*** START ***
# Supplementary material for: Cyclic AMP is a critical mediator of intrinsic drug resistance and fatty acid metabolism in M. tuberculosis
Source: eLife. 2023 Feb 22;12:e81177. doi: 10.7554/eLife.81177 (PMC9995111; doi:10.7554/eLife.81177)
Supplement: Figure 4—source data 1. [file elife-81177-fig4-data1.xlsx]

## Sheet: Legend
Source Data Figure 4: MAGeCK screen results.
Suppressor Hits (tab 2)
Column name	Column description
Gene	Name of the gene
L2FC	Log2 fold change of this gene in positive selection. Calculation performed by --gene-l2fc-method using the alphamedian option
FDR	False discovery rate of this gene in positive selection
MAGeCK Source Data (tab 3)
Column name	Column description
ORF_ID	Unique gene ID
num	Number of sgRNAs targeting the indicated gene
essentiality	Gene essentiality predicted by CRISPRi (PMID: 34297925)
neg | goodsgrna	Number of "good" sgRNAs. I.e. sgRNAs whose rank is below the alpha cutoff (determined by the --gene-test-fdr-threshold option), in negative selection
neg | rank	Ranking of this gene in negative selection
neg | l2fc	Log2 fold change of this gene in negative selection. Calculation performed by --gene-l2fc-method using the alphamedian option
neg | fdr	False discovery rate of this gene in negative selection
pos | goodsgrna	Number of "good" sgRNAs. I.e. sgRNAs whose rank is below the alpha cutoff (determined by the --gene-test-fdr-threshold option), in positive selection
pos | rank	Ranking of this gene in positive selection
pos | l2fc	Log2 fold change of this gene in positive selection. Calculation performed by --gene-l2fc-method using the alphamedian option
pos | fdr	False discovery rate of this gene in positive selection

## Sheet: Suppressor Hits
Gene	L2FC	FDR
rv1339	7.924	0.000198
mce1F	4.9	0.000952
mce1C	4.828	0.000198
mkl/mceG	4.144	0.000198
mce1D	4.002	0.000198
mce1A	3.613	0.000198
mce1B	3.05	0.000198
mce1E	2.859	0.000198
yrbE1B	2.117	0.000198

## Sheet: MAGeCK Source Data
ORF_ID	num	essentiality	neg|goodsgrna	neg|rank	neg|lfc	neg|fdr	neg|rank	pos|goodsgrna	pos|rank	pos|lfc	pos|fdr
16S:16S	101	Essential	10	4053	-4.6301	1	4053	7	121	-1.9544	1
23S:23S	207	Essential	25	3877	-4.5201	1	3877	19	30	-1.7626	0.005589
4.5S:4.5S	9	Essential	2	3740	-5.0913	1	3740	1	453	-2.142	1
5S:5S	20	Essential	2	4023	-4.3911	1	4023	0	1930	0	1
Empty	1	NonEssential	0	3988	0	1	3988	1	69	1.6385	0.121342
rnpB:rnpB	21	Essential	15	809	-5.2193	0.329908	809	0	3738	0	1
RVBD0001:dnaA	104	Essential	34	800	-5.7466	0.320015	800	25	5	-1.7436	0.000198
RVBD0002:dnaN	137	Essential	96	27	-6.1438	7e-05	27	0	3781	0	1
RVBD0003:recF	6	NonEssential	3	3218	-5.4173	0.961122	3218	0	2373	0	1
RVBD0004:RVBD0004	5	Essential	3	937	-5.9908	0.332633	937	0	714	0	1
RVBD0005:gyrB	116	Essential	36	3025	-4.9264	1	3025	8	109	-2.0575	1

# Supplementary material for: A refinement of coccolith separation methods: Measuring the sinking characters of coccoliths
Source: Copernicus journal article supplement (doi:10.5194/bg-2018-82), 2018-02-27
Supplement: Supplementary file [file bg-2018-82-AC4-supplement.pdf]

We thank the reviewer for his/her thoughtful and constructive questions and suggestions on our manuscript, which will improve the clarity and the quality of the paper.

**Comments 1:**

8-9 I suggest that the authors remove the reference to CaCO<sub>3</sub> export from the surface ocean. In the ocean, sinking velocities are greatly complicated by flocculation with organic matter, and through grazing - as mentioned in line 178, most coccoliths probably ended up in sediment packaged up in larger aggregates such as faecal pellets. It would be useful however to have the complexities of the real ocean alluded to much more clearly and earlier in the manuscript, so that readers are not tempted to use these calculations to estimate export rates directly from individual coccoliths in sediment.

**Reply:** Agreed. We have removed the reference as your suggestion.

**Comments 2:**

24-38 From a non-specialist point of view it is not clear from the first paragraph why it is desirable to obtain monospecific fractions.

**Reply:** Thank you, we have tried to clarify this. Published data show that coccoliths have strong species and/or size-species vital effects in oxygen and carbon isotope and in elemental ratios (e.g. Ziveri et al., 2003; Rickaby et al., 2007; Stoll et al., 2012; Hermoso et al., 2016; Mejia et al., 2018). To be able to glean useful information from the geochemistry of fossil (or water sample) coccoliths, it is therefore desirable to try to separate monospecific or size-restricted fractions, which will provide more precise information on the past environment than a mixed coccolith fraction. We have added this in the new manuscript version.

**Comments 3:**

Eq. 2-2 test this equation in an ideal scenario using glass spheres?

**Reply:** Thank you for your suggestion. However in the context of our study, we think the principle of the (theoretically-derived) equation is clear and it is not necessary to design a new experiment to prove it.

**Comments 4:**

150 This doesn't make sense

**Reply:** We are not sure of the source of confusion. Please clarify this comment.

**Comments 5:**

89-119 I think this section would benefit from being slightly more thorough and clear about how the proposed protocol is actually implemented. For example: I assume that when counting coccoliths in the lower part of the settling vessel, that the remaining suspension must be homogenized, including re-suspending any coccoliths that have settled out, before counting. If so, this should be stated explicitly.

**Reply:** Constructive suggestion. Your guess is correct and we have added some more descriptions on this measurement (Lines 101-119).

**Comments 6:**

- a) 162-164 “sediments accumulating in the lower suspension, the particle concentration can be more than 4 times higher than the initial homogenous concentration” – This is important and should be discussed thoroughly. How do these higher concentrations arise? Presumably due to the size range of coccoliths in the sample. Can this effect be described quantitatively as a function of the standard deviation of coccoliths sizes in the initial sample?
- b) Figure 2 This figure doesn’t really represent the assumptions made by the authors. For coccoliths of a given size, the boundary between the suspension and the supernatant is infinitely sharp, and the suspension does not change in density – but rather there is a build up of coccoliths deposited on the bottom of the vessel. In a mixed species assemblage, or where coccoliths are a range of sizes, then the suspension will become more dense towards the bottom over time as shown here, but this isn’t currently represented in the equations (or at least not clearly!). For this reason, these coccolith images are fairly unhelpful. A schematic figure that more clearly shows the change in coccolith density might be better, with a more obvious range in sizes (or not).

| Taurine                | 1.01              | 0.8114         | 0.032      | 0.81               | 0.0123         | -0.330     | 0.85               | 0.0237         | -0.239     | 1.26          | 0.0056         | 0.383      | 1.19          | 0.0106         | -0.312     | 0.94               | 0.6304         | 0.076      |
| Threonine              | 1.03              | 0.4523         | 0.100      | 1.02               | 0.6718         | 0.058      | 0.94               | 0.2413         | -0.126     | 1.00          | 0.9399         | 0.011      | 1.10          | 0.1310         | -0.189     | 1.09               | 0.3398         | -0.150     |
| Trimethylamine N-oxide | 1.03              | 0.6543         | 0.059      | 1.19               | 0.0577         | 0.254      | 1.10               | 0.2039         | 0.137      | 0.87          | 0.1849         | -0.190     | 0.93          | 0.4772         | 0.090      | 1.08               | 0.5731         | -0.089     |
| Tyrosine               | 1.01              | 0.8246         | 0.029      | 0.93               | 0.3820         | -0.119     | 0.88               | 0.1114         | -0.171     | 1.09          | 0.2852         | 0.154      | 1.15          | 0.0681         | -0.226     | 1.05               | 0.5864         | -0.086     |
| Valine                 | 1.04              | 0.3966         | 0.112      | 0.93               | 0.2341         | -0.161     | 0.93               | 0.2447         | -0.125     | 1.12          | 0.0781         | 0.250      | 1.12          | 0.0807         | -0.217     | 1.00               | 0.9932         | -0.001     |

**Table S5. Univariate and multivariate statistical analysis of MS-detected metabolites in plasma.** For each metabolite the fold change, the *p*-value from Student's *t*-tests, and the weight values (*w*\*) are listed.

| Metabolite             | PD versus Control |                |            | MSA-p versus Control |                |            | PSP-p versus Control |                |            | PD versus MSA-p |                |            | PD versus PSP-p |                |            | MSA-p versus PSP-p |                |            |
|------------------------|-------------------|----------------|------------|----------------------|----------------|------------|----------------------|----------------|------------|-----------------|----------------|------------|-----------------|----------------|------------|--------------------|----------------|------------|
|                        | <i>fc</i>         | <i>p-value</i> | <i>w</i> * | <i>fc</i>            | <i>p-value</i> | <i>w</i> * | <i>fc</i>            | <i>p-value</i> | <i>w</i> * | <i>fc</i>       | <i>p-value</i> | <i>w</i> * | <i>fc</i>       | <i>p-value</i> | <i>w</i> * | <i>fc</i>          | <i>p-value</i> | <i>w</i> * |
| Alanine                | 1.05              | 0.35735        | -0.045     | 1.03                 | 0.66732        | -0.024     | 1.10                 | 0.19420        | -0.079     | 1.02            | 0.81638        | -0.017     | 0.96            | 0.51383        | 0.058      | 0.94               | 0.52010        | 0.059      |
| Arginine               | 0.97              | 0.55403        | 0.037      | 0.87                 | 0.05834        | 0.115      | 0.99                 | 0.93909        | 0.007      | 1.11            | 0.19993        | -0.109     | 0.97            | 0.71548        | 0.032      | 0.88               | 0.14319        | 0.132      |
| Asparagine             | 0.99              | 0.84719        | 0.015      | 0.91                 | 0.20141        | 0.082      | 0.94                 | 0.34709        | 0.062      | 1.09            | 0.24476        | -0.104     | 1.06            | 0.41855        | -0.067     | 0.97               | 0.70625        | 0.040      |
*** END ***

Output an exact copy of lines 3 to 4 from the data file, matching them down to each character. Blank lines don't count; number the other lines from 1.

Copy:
Supplement: Figure 4—source data 1. [file elife-81177-fig4-data1.xlsx]

## Sheet: Legend